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A cultural history of Venice

The Sound of the City

Eric Min & Gerrit Valckenaers

Venice, once so politically and economically powerful, is a city of water and gondolas that is gradually sinking into the sea, a place that plays by its own rules and celebrates both the mind and the body. No stop-off city this, but a terminus where you stay for a while. In fact Venice doesn’t even need to exist in order to enchant. Anyone casually mentioning its name knows the effect it will have on our imaginations: the sound of the word is sufficient to evoke desires and expectations.

At the same time the labyrinth in the lagoon is a living memory of more than five centuries, packed to the rafters with cultural history. Painters, writers and musicians have given the best of themselves in the city of the doges, despite the sometimes predictable decor within which their ventures played themselves out. Walking a fine line between heritage and cliché, this book is intended as a tribute to the artists who have captured the sounds and colours of Venice in their work.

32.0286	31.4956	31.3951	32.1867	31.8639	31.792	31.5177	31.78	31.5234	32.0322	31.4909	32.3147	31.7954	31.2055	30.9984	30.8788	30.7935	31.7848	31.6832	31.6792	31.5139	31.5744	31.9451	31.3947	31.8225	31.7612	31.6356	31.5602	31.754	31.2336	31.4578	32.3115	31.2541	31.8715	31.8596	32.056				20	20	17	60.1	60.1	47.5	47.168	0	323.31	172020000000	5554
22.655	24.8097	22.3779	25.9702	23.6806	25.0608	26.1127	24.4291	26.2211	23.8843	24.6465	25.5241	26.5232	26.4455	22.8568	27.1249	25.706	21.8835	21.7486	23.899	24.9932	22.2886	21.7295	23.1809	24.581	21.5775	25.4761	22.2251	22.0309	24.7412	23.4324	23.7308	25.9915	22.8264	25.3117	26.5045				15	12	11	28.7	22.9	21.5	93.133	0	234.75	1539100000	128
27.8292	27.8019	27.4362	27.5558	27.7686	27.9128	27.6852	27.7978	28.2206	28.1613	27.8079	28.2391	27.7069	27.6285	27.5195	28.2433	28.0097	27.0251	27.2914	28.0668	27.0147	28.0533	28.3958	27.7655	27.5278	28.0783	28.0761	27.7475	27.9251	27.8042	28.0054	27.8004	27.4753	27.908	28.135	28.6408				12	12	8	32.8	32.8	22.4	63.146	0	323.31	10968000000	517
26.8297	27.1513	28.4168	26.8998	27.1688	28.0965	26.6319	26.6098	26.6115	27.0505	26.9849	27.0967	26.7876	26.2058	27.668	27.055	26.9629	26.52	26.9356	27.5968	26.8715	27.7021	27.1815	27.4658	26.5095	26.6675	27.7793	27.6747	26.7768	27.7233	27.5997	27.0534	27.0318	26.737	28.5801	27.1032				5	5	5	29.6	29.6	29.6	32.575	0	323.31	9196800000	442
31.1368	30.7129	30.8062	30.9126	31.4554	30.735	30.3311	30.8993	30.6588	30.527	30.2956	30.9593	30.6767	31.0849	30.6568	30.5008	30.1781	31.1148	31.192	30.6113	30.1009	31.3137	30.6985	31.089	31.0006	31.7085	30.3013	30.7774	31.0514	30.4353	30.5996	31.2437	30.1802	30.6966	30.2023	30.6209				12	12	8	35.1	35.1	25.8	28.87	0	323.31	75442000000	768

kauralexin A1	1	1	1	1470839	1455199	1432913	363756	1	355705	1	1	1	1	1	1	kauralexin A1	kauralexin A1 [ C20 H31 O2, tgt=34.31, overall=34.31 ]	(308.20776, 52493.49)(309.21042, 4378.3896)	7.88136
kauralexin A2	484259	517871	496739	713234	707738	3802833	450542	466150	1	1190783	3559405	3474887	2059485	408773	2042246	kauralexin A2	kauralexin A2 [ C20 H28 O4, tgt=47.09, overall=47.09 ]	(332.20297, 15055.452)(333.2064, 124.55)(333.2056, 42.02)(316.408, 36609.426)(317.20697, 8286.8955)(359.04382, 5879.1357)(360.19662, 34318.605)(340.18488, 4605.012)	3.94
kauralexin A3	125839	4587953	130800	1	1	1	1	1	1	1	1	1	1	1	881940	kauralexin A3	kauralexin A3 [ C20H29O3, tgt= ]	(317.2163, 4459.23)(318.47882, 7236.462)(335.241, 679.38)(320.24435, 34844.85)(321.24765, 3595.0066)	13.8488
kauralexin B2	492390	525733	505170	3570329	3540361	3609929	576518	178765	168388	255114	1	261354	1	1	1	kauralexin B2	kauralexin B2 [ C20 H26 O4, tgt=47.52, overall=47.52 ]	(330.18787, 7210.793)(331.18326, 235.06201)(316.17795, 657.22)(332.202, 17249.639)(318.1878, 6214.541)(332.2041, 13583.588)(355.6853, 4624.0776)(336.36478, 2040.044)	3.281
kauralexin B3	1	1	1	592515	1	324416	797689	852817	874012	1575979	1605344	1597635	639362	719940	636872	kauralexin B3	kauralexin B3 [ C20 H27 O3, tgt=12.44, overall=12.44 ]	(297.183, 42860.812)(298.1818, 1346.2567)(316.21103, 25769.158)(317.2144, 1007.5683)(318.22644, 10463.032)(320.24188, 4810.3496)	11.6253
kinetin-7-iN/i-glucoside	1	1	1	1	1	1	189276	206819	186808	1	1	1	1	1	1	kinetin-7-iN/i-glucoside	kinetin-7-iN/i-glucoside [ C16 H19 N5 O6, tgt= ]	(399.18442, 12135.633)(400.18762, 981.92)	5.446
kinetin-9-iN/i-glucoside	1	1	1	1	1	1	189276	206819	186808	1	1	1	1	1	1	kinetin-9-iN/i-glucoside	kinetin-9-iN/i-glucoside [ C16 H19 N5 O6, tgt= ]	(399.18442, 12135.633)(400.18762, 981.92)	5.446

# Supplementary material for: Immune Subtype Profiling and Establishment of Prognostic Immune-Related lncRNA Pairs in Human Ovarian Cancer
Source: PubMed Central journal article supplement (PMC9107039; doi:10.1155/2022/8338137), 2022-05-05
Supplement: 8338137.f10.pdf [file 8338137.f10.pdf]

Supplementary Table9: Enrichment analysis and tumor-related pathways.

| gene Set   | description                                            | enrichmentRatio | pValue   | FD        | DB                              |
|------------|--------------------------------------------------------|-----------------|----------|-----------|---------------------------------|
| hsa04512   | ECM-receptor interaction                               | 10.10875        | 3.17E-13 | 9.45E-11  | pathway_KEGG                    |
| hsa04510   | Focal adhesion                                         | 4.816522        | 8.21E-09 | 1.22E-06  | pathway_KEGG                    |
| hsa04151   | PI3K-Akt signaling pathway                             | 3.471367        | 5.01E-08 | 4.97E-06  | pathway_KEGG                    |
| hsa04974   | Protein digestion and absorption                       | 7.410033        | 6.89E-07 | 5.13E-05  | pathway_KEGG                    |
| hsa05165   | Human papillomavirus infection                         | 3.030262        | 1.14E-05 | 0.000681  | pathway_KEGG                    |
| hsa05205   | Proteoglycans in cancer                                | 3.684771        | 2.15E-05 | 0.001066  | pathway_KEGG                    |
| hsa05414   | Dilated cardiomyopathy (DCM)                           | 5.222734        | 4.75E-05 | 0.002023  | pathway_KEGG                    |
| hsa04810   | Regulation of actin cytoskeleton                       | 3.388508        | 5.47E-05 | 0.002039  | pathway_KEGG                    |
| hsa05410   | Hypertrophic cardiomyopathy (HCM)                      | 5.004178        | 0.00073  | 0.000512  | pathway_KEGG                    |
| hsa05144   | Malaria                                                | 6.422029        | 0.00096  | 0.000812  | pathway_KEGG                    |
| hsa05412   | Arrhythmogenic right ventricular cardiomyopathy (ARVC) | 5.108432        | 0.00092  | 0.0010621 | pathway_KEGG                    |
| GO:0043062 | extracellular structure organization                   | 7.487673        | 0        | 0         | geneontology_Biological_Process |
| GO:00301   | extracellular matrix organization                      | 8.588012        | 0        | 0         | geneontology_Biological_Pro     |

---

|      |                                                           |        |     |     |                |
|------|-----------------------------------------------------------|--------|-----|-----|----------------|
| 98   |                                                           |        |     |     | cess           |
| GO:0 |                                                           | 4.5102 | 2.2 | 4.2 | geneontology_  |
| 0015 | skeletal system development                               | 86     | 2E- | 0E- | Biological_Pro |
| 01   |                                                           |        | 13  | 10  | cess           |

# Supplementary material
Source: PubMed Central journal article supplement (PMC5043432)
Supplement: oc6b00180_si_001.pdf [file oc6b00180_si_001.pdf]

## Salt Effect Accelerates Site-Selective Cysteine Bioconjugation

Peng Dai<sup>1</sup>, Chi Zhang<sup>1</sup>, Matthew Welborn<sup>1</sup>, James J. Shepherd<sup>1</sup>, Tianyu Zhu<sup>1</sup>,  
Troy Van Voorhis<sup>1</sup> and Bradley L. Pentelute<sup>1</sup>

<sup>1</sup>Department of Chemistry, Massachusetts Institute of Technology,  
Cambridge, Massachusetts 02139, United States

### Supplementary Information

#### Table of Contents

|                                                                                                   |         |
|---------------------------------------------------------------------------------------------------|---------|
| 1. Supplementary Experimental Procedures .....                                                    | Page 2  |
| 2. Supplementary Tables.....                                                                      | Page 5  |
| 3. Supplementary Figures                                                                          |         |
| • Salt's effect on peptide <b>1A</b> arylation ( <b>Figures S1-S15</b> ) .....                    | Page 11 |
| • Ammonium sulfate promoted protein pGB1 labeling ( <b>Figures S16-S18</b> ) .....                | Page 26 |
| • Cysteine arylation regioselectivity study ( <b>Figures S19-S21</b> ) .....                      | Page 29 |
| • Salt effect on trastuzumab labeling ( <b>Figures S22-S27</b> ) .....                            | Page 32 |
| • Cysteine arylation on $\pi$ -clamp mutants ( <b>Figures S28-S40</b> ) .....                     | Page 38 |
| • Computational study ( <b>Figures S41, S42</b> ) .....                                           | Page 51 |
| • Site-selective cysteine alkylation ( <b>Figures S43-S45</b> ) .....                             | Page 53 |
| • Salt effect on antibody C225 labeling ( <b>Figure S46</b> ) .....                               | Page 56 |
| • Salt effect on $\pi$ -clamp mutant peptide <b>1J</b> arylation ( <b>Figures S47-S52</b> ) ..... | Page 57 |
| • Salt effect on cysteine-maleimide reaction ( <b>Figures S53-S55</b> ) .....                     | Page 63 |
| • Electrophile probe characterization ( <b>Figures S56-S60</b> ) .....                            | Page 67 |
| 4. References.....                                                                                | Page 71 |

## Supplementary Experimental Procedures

A beautifully published homage to all the adventurers and artists who have given this city its riches and glory.
Het Nieuwsblad

The authors have not laid down a specific route, but their story begins in the city centre. All the threads they have followed through the maze across four centuries come together on Saint Mark’s Square. From there the sound reverberates out across the city, from Monteverdi’s psalms to the verses of Brodsky, from the futurist clamour of the streets to the soundscapes of modernity.

A book of international importance.
De Standaard
A great work.
De Morgen